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New agent finds himself on the fast track to success

By Jaime Westman

With a background in NASCAR, Bryan Dunaway is used to working fast. So when he left the auto racing circuit to try his hand at real estate, Dunaway wasn’t sure what to expect because of the economic slowdown and lull in the housing market.

“It was a little slow at first, being the end of 2010, but, to be honest, I really believe it was HouseHunt that kept us afloat the first couple of months,” said Dunaway, who works with his wife, Sharon, in the Charlotte area of North Carolina. “It was tough because we didn’t really have any prospects, we were new at it, we didn’t know how to go and find clients, and there weren’t that many to be found because the buyer pool was small. But people that are looking at houses are on the Internet, and the HouseHunt site seems to attract quite a few of them, so it was good to have that as we started out.”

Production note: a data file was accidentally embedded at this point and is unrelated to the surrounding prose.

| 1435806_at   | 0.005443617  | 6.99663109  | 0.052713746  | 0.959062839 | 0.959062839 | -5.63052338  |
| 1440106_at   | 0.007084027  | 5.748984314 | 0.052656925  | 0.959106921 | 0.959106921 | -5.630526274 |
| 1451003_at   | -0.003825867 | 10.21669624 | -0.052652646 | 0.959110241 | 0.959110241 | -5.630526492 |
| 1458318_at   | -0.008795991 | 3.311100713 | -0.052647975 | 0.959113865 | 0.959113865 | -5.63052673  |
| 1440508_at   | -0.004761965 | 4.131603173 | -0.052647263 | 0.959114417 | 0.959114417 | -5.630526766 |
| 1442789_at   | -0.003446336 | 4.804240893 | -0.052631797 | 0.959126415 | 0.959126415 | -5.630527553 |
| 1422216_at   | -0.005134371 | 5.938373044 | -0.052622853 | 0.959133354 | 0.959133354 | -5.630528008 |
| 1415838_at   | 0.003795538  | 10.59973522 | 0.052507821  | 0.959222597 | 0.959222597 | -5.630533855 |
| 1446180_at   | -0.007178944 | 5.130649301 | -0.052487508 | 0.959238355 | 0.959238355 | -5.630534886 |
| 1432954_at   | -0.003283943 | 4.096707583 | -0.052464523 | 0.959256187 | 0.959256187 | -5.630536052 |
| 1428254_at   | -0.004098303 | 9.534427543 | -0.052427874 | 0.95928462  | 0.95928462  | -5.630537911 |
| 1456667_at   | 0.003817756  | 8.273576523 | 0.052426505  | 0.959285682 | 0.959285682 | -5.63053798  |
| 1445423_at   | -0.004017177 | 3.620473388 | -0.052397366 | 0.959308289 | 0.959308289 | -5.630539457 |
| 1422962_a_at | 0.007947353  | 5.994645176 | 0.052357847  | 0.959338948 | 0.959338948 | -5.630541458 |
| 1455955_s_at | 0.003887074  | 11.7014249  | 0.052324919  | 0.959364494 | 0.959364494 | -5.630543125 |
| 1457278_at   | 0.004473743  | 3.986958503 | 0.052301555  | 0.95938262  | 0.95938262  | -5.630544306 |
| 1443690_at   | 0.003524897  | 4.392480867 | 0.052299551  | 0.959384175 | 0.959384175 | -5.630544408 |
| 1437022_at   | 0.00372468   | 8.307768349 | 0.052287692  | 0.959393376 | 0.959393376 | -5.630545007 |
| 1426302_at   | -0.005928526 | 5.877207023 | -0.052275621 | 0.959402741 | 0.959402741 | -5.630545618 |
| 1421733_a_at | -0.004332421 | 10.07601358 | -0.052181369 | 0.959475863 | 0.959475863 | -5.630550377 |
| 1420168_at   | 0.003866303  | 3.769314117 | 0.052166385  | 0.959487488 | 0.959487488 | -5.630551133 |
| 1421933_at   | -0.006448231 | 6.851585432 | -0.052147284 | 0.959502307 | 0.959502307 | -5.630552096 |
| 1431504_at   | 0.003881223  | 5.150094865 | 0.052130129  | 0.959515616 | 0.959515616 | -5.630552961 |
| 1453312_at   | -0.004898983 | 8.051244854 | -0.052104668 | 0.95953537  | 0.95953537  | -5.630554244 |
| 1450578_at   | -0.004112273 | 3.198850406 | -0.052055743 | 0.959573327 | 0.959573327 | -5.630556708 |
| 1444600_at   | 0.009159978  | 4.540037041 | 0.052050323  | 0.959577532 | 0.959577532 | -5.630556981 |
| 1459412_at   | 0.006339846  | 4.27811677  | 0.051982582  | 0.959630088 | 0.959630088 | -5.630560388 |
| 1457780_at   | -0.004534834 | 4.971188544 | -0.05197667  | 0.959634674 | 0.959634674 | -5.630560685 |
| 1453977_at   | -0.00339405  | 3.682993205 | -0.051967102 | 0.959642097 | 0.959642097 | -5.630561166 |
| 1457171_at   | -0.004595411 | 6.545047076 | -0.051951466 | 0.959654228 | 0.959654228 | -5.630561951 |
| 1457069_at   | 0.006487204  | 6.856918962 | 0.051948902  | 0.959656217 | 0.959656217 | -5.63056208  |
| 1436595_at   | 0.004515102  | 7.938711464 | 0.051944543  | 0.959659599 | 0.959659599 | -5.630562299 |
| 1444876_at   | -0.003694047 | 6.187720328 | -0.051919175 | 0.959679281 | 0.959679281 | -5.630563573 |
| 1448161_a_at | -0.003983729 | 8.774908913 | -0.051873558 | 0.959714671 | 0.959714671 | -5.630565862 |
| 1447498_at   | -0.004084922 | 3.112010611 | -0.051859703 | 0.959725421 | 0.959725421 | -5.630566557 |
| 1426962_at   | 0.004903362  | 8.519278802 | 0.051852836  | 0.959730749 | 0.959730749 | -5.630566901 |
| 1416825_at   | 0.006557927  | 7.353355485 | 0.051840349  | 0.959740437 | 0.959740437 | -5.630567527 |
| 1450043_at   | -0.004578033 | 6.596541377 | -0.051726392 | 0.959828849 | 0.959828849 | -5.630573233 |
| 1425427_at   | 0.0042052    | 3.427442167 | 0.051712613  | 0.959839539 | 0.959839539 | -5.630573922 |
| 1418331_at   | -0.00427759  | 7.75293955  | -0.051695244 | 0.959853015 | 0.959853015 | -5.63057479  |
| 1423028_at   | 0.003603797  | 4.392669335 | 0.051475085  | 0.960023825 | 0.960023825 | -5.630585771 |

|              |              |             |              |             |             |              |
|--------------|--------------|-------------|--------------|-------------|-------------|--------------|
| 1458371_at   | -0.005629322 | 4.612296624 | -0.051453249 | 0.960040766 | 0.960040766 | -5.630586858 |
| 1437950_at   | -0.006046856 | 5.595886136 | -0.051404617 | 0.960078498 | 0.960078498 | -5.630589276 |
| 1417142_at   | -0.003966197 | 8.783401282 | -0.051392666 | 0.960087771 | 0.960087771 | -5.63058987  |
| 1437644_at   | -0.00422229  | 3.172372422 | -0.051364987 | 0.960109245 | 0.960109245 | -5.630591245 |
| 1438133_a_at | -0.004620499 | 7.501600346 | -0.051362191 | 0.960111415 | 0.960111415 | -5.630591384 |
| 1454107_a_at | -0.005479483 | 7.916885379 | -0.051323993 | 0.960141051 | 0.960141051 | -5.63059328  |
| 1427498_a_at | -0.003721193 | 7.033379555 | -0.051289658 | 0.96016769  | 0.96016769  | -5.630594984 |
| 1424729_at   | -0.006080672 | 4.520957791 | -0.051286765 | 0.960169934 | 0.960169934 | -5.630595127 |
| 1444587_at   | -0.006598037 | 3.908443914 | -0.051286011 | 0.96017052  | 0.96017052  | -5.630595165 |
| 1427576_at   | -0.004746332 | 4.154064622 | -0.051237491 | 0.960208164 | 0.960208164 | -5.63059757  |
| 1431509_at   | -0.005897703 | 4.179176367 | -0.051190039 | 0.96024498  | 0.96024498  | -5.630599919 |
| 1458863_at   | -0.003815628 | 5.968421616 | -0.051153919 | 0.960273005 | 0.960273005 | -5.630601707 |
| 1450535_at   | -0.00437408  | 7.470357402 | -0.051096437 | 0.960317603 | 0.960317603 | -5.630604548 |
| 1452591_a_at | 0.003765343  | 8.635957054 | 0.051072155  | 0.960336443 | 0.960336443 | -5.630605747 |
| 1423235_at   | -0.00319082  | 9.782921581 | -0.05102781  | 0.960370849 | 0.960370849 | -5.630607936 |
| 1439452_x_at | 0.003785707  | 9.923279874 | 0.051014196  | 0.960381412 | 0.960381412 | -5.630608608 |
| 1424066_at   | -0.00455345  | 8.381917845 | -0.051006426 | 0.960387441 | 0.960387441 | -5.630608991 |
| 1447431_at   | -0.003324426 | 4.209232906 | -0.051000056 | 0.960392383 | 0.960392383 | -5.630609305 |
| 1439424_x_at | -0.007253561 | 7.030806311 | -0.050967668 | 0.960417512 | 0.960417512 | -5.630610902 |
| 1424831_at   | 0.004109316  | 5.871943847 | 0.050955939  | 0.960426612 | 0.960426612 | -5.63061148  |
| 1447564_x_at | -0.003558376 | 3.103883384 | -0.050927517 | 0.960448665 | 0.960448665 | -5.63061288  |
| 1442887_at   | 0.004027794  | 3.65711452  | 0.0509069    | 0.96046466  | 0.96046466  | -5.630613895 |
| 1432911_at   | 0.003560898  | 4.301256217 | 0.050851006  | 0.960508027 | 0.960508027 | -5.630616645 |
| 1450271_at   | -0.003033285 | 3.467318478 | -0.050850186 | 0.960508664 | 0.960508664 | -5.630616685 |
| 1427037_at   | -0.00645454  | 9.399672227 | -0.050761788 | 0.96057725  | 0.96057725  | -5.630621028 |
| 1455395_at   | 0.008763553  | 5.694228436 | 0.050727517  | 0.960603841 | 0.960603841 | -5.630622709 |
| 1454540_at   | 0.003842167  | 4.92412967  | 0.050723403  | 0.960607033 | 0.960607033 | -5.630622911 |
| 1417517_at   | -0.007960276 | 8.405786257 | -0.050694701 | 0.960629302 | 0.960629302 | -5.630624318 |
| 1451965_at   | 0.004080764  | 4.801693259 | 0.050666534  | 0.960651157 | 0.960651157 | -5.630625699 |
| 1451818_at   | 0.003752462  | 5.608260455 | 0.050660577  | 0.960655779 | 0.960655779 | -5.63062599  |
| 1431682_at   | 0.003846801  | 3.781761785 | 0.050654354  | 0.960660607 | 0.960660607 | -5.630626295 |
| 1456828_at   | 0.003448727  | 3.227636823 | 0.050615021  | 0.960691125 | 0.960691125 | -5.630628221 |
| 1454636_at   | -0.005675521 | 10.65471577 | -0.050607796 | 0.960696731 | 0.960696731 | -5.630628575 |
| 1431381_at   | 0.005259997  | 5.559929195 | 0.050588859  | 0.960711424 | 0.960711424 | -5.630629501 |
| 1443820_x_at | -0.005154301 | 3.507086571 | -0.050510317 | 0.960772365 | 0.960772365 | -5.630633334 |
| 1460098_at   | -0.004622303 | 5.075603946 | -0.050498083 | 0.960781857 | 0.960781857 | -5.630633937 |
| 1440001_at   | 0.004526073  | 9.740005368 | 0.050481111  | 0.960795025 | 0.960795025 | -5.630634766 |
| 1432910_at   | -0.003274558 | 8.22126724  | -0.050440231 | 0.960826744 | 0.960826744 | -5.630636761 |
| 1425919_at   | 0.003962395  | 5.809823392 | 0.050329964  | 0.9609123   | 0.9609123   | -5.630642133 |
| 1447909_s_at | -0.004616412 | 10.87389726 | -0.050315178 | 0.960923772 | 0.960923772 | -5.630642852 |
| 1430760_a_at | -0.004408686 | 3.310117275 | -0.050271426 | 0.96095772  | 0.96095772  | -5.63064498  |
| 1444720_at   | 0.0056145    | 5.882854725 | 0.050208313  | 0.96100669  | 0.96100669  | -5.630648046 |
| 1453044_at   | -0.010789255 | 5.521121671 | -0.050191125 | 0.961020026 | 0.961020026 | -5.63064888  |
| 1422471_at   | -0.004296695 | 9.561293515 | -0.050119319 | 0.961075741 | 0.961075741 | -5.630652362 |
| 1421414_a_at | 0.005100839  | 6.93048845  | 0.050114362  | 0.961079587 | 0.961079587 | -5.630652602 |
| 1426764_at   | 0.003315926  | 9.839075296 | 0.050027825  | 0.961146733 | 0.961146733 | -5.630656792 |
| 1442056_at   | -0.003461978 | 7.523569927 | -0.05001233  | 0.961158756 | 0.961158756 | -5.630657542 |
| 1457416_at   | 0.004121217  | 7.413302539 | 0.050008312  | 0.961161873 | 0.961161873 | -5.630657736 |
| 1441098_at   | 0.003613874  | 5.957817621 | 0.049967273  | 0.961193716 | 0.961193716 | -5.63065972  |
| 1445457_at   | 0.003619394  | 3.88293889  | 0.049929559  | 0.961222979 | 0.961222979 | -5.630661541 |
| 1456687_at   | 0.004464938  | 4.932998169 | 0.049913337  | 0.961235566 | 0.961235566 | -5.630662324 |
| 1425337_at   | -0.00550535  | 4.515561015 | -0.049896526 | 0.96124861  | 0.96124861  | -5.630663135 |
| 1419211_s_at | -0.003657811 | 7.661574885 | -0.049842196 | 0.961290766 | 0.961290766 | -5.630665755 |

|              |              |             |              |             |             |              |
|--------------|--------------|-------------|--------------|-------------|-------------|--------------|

Dunaway hasn’t taken his foot off the gas since, and he has found success by bringing some of the work-related tools he picked up at NASCAR to the real estate industry.

“Teamwork, always showing up and always being there no matter what are things I learned along the way,” said Dunaway, 50, who was a mechanic and pit crew member for Matt Kenseth, Dale Jarrett and other drivers. “I have a philosophy of listening to people, finding out their needs and tailoring my dealings with them to fit those needs.”

Dunaway, who hopes to complete 20 closings by the end of the year, contacts potential clients immediately to give them information about the market and how he operates.